Figure 1
Figure 1 Enzymatic metabolism of polyunsaturated fatty acid can generate bioactive lipids that induce inflammation, tumorigenesis, and thrombosis, while also generating mediators with anti-tumorigenic, pro-resolution properties. In the pro-tumorigenic arm, arachidonic acid (AA) is metabolized via the cyclooxygenase (COX) pathway to generate prostaglandins (PGE2, PGI2) and thromboxanes (TxA2). Lipoxygenase (LOX) enzymes convert AA to hydroxyeicosatetraenoic acids (HETEs), which are active on their own, or can be further converted to leukotrienes (LTs). In the anti-tumorigenic, pro-resolution arm, metabolism of AA through 15-LOX1/2 or acetyl salicylic acid (ASA) acetylated COX-2 generates intermediates that can be converted to lipoxins (Lxs) through the transcellular activity of other LOXs (5- or 12-LOX). Conversion of linoleic acid (LA) to 13(S)-HODE may produce anti-inflammatory effects mediated through activation of PPARγ. The fish oils eicosapentaenoic acid (EPA) and docosahexaenoic acid (DHA) may be converted by acetylated COX-2 to pro-resolution mediators E- and D- series resolvins (Rvs), respectively. PUFA: Polyunsaturated fatty acid.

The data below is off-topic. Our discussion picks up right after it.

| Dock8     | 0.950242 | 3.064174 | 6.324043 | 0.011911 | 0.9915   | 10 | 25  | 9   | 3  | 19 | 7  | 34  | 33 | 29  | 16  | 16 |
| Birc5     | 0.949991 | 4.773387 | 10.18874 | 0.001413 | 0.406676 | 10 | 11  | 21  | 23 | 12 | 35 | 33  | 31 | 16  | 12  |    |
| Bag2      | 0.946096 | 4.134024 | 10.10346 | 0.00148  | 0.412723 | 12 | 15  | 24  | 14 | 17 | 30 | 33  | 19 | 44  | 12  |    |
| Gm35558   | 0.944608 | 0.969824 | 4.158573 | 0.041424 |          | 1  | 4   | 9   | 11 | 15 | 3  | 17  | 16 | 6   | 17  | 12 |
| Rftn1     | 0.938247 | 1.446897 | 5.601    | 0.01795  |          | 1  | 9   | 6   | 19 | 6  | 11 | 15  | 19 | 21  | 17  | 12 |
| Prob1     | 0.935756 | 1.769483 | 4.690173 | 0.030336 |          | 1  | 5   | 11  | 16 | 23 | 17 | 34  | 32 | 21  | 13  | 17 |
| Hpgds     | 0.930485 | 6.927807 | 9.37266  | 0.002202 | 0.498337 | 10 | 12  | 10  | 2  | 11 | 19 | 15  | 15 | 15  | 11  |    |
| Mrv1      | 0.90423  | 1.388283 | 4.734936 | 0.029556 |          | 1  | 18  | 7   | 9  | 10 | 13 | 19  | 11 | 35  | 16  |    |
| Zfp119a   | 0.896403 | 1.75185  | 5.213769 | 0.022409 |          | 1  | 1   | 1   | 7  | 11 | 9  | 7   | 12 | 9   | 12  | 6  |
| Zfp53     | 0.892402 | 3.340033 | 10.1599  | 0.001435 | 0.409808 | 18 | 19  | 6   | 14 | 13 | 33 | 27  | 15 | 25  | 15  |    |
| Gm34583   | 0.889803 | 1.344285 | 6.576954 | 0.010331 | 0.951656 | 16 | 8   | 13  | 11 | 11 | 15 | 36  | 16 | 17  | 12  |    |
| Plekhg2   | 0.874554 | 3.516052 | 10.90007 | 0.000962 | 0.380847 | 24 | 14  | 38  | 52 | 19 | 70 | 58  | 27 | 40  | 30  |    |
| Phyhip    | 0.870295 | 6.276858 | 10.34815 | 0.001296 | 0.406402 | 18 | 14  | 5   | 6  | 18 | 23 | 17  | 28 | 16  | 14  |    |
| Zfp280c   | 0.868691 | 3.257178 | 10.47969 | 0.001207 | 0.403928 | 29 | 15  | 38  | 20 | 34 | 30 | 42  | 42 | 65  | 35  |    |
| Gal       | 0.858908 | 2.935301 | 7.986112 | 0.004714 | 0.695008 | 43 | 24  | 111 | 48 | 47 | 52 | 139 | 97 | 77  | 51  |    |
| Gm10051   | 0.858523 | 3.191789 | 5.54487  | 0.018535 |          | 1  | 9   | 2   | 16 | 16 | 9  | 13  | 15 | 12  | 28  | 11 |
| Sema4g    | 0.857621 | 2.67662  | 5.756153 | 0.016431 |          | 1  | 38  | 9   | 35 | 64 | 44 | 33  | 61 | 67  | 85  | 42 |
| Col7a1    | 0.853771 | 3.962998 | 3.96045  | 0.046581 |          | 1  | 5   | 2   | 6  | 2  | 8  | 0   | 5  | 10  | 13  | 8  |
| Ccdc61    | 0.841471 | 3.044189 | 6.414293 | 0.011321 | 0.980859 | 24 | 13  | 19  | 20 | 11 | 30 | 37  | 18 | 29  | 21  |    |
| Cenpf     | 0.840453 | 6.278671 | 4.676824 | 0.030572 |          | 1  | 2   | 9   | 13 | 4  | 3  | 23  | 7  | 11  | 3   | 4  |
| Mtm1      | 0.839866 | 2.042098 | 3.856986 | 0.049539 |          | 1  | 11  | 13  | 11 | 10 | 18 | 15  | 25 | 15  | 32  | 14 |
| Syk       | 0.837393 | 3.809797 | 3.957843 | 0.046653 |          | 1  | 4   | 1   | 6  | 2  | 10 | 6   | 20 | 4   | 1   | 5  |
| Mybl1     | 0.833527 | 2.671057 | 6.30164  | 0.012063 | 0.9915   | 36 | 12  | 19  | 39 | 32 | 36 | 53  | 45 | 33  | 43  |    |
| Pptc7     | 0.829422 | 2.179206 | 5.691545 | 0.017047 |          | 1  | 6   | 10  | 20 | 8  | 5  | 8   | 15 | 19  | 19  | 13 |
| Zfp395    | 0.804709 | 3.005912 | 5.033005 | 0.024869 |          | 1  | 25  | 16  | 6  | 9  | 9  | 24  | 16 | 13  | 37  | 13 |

Long-chain PUFAs such as EPA and DHA, commonly known as n-3 fatty acids, are extensively found in fatty fish, but are not efficiently synthesized in humans[14]. As these fatty acids are primarily obtained through the diet, increased consumption of fish oil can alter the fatty acid profiles of the plasma and cell membranes in a time and dose-dependent manner[15], primarily at the expense of AA. This implies a decreased production of inflammatory AA-derived eicosanoids, which has been verified in healthy human volunteers who showed decreased levels of PGs and LTs after consuming EPA and DHA supplements for varying lengths of time[16]. EPA, being a 20C highly unsaturated fatty acid and therefore classified as an eicosanoid, can also be metabolized by the COX and LOX pathways into 3-series PGs and 5-series LTs. However, these lipids are readily recognized by PG and LT receptors, and are therefore considerably less potent in inducing inflammation[17]. Both EPA and DHA are substrates for the production of newly identified autacoids that are essential for the resolution of inflammation[18].